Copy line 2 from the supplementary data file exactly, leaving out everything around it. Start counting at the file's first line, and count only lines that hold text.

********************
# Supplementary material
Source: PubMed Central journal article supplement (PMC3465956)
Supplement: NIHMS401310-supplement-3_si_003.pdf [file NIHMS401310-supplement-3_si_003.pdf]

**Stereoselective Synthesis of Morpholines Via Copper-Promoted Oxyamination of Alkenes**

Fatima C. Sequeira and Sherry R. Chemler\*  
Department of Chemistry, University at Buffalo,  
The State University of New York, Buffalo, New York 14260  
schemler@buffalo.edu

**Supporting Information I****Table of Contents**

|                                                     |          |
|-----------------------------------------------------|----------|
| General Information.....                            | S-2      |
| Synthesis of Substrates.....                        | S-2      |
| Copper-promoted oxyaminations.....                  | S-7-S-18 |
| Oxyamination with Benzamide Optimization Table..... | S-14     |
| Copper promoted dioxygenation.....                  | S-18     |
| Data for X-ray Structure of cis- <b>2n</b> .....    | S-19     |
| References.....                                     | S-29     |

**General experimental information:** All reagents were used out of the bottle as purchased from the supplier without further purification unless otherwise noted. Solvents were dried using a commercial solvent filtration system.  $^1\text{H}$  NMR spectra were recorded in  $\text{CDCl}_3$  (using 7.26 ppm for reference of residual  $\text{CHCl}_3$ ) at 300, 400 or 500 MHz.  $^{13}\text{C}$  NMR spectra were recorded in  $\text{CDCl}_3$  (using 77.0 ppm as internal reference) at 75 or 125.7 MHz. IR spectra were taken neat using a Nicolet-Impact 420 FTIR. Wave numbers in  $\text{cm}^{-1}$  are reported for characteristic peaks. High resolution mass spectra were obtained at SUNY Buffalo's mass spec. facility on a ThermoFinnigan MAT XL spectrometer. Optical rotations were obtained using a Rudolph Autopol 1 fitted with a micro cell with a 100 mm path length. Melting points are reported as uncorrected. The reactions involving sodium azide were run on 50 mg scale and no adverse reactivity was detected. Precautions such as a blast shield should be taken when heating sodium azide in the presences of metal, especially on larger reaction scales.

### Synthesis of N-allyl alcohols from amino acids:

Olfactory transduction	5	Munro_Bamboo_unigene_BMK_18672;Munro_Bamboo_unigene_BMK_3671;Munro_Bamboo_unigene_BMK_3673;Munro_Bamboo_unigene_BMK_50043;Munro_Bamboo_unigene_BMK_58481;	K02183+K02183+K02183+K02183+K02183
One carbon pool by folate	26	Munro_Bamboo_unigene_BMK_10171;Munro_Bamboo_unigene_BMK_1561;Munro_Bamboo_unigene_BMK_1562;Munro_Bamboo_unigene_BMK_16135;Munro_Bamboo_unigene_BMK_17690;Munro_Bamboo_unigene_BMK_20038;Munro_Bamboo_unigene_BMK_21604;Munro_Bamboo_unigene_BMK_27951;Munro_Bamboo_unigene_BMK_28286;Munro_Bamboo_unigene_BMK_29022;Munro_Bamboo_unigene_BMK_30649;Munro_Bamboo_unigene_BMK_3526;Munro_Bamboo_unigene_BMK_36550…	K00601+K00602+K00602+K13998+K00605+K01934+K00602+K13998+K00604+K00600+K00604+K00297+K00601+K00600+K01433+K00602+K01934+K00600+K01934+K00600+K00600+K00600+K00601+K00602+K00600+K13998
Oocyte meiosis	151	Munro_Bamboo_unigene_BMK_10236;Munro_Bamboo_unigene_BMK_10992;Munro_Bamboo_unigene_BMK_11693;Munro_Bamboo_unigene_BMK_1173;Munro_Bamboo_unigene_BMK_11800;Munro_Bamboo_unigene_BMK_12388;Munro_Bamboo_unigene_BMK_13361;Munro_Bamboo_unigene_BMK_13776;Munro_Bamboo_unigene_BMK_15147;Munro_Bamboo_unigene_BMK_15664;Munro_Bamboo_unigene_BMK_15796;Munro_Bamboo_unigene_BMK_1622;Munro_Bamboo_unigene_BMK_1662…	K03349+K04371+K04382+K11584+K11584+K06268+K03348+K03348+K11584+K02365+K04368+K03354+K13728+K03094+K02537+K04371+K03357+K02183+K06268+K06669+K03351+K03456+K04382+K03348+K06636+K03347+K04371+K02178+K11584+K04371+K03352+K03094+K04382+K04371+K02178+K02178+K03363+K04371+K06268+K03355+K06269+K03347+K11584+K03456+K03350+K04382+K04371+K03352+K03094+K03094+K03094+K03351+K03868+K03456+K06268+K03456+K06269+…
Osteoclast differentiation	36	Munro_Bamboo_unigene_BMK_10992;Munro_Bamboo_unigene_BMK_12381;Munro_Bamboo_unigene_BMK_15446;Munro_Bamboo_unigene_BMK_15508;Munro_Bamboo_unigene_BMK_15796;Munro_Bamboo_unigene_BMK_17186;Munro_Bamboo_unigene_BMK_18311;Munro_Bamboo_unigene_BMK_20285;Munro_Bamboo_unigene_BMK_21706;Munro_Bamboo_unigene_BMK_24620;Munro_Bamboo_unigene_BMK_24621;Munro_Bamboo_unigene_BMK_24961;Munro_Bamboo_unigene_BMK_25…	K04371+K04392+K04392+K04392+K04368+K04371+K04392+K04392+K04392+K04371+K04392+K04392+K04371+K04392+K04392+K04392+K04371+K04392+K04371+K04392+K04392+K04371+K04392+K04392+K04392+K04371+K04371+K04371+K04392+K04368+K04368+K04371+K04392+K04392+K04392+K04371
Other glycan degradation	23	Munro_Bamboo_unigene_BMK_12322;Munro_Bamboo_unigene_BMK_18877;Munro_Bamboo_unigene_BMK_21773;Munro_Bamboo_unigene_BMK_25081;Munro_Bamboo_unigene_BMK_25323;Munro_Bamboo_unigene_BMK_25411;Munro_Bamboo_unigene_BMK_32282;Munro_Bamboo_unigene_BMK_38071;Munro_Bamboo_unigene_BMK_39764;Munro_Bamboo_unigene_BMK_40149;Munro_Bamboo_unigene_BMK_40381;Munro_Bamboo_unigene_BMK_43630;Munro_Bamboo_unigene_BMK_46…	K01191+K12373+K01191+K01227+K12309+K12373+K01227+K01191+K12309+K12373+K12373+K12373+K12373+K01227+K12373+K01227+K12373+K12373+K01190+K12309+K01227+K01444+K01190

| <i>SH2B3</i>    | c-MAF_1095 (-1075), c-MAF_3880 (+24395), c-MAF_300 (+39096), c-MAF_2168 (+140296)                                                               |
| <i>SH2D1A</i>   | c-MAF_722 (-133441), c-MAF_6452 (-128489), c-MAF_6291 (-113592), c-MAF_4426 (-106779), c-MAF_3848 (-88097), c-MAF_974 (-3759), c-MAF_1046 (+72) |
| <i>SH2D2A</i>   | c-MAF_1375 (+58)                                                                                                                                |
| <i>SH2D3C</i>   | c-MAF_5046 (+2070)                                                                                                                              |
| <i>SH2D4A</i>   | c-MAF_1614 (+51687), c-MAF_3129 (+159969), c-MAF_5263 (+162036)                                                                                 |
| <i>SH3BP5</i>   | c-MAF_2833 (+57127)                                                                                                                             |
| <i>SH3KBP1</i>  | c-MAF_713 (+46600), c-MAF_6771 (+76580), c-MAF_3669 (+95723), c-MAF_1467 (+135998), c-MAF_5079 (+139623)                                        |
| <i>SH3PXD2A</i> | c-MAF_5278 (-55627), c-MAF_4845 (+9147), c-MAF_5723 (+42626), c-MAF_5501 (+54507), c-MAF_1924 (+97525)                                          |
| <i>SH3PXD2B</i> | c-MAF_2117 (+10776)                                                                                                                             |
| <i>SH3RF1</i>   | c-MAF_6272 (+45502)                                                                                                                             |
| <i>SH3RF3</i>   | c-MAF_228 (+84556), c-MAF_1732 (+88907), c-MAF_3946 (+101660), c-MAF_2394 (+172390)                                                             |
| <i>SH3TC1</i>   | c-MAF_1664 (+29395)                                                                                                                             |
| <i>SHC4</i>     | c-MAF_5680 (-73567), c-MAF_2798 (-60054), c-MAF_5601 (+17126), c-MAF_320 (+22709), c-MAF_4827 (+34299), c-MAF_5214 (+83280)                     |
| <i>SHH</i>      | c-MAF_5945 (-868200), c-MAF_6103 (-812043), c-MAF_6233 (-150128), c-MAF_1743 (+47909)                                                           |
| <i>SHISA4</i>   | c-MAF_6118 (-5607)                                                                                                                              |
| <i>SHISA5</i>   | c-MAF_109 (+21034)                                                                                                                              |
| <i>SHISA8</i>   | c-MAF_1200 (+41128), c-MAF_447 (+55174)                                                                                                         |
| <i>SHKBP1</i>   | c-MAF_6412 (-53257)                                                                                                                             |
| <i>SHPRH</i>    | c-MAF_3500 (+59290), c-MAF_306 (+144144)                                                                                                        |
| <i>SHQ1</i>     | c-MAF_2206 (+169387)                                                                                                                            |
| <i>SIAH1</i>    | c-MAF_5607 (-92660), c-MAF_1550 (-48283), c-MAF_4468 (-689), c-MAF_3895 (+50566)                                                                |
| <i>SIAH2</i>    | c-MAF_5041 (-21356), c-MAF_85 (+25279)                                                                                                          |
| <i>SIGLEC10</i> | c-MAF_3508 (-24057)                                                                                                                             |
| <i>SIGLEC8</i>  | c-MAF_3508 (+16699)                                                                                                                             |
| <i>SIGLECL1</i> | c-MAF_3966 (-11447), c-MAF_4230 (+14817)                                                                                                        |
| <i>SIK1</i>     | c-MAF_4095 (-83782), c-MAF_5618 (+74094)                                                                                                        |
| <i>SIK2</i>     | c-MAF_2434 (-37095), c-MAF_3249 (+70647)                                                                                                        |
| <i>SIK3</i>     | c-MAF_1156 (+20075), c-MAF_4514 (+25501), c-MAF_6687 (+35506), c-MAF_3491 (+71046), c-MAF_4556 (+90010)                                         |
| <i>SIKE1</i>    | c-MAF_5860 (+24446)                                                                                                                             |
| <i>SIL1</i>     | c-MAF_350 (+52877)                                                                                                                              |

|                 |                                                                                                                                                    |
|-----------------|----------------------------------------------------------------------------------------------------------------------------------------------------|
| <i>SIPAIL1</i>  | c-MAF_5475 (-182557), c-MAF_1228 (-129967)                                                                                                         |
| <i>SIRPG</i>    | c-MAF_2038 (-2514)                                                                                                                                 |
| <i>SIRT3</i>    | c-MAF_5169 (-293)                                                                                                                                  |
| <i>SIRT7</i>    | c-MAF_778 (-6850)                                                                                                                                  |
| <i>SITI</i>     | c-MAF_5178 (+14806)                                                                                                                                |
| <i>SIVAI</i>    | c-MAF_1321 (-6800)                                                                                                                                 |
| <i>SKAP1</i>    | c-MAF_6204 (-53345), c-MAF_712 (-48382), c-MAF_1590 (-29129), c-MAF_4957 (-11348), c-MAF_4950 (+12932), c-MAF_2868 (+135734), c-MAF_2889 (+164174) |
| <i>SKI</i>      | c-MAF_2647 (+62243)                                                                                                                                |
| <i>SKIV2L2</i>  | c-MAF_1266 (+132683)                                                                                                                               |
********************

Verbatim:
Source: PubMed Central journal article supplement (PMC3465956)